Soul Garden (viola and string quintet), Wanderings (ww quintet), Coming Together (clar, cello), Turning (piano solo), Theme and Absurdities (clar solo), Mulatash Stomp (vln, clar, pno), SchiZm (clar, pno), Quartet (string quartet)
"Derek Bermel has been making a name for himself in New York for about a decade, as both a composer and performer. He's that rare breed for a contemporary concert composer, a genuine instrumental virtuoso, in his case on clarinet. Backing up this claim are his definitive performances on five of the eight pieces in this collection.
As a composer, Bermel projects several attractive musical qualities. First, his own musicianship infuses his work with a naturalness that makes it flow easily from moment to moment. One feels that this composer has no trouble writing as many notes as necessary to bring an idea to its full realization, because the creative act is already so much like the interpretive one for him.
Second, his music has great wit. This can range from a sense of play (take Mulatash Stomp (1991) or the second movement of Wanderings (1994), "Two Songs from Nandom"), or it can indulge in the musical equivalent of gross-out, as in Theme and Absurdities (1993). Whether at a high or low level, the humor is derived from the music itself, not from some arbitrarily imposed template.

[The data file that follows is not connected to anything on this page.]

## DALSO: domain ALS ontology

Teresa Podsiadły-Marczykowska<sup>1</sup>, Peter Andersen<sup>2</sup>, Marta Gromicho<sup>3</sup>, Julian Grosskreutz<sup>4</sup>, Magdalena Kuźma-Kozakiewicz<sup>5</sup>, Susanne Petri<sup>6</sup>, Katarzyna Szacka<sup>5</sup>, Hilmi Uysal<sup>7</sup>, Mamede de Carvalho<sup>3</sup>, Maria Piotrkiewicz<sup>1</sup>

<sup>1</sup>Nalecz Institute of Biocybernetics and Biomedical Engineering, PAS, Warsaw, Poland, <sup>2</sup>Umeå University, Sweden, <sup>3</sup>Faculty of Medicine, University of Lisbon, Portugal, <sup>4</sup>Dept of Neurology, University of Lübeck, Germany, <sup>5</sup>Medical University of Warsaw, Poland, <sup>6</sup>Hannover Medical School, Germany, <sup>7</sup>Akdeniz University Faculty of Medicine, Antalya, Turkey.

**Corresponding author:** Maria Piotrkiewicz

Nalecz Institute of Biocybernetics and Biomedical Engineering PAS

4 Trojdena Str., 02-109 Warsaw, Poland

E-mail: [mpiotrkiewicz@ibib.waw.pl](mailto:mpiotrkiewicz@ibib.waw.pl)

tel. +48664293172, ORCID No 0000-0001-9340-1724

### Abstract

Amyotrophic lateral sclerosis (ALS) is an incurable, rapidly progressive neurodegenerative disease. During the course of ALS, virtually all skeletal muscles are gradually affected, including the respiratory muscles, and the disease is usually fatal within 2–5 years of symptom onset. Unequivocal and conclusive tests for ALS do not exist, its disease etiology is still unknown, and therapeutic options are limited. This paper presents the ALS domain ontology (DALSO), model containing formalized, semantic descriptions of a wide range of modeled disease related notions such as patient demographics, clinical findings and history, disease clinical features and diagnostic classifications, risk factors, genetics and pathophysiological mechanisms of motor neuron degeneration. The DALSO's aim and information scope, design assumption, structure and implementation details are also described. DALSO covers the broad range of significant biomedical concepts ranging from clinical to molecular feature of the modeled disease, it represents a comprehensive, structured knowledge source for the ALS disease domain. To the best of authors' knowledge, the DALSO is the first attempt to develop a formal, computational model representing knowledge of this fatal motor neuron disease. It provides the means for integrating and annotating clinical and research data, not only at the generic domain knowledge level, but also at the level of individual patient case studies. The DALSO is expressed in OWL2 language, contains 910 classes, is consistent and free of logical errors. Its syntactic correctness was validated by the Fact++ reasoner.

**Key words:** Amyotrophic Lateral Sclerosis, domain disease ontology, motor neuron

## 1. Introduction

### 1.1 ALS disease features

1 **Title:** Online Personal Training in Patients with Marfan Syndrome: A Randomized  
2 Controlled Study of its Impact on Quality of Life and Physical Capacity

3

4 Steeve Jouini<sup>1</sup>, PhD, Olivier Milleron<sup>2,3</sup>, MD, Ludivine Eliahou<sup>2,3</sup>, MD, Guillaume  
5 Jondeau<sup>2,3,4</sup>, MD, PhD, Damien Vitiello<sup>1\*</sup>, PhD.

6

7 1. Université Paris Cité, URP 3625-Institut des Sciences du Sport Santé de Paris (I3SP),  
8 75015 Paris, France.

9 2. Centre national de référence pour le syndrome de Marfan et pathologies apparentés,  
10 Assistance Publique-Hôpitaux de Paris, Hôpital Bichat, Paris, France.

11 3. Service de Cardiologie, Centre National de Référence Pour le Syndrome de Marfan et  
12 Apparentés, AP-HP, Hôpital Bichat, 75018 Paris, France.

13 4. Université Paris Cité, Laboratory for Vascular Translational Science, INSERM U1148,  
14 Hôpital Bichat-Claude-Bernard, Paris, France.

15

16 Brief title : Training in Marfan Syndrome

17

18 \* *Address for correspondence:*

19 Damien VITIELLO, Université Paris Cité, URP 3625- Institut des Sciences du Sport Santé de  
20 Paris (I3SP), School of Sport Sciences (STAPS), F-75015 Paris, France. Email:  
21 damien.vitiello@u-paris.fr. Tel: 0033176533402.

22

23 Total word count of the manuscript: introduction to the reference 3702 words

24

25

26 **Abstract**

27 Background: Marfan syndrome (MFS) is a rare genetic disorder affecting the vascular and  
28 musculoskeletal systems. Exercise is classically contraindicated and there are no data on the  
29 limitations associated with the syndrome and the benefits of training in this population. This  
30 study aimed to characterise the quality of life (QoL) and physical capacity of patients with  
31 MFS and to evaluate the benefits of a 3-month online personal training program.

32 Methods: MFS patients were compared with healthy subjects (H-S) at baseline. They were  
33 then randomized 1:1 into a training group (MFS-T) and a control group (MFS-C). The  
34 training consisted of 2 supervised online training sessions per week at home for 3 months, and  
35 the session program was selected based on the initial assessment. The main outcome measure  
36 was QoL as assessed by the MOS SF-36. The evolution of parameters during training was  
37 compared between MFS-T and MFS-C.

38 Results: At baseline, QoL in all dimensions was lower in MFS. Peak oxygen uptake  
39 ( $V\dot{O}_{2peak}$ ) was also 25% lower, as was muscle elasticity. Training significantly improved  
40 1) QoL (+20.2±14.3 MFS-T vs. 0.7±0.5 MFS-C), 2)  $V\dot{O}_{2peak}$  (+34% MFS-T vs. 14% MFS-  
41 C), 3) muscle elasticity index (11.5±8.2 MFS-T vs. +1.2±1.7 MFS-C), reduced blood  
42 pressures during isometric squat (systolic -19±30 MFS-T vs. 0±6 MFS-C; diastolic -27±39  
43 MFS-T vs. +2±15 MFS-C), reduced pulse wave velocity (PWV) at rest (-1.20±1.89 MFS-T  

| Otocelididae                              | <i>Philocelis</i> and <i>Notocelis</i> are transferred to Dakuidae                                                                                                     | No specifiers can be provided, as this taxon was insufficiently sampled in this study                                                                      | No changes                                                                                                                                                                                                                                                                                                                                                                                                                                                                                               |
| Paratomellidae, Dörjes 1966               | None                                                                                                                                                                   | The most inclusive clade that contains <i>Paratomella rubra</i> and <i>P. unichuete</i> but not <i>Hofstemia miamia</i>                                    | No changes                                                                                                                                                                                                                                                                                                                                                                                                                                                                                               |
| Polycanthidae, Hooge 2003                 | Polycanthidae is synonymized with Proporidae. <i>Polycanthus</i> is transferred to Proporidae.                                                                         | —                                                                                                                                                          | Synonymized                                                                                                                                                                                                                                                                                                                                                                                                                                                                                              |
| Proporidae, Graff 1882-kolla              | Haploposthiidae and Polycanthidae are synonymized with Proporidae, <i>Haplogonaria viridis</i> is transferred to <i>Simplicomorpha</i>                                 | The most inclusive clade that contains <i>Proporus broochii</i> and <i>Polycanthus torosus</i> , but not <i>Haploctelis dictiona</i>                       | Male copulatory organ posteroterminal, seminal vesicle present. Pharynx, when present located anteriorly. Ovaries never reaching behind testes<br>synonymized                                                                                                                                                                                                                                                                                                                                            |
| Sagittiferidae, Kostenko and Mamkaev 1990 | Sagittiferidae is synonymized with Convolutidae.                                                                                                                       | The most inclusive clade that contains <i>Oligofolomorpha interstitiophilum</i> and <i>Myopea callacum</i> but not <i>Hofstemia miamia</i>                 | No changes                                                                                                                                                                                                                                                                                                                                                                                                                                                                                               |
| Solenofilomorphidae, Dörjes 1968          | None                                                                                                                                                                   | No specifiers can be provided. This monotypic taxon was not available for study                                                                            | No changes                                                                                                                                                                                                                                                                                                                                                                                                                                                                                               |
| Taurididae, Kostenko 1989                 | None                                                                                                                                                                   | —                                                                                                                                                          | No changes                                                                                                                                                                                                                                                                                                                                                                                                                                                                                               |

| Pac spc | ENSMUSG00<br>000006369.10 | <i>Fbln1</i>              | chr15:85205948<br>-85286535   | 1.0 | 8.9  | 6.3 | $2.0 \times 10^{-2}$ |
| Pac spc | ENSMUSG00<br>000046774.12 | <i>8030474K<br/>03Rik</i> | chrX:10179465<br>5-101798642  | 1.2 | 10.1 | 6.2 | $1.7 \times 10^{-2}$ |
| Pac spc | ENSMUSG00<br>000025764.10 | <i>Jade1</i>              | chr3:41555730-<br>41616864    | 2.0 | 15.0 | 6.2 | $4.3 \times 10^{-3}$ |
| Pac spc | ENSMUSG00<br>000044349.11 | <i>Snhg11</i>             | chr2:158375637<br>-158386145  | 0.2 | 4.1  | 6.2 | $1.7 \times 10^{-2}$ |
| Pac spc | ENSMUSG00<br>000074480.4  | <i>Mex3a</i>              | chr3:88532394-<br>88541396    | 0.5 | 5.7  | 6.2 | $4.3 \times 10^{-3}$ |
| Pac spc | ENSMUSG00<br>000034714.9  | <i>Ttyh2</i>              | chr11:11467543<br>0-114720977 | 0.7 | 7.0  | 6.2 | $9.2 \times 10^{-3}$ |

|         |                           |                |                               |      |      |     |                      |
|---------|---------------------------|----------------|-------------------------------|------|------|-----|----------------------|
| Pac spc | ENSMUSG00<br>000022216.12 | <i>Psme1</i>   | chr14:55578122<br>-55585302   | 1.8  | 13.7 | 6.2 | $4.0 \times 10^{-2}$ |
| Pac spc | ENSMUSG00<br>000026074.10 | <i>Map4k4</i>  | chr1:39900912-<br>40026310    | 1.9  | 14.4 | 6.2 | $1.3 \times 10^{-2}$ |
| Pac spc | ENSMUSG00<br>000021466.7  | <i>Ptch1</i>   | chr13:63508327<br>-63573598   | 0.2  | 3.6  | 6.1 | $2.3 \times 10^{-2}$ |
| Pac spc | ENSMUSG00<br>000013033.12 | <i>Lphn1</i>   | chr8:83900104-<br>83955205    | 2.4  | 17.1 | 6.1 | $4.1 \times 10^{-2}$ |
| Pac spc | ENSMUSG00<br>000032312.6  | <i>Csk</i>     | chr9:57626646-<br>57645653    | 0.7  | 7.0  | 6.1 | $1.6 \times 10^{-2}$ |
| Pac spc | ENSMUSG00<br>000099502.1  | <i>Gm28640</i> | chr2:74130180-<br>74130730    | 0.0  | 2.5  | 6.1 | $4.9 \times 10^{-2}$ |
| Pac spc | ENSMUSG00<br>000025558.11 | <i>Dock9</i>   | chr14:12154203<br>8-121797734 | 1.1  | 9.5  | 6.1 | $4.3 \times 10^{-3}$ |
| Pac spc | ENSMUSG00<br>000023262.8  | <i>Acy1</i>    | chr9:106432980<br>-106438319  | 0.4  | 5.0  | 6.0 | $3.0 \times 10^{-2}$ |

Third, Bermel is quite unafraid of mixing musics from different traditions. Soul, blues, and gospel are the sourcebook for the string sextet Soul Garden (2000) and the Quartet (1992). The two movements of Wanderings evoke Hebraic chant and West African music, while the second movement of SchiZm (1994), "Puppet State," plays with tango and habanera. The piano work Turning (1995) uses an original tune crafted to resemble a sturdy Protestant hymn (while all of Bermel's work on this disc could be considered to some degree "Ivesian," this is the piece which in terms of both stylistic reference and actual transformative technique most resembles that composer). . . .
Superb performances throughout, not the least from the composer. The sound is consistently fine. This is a very promising debut album by an engaged young artist. I'll look forward to hearing even more expansive and ambitious pieces from him, to see where he's going."
—Robert Carl, Fanfare, January/February 2003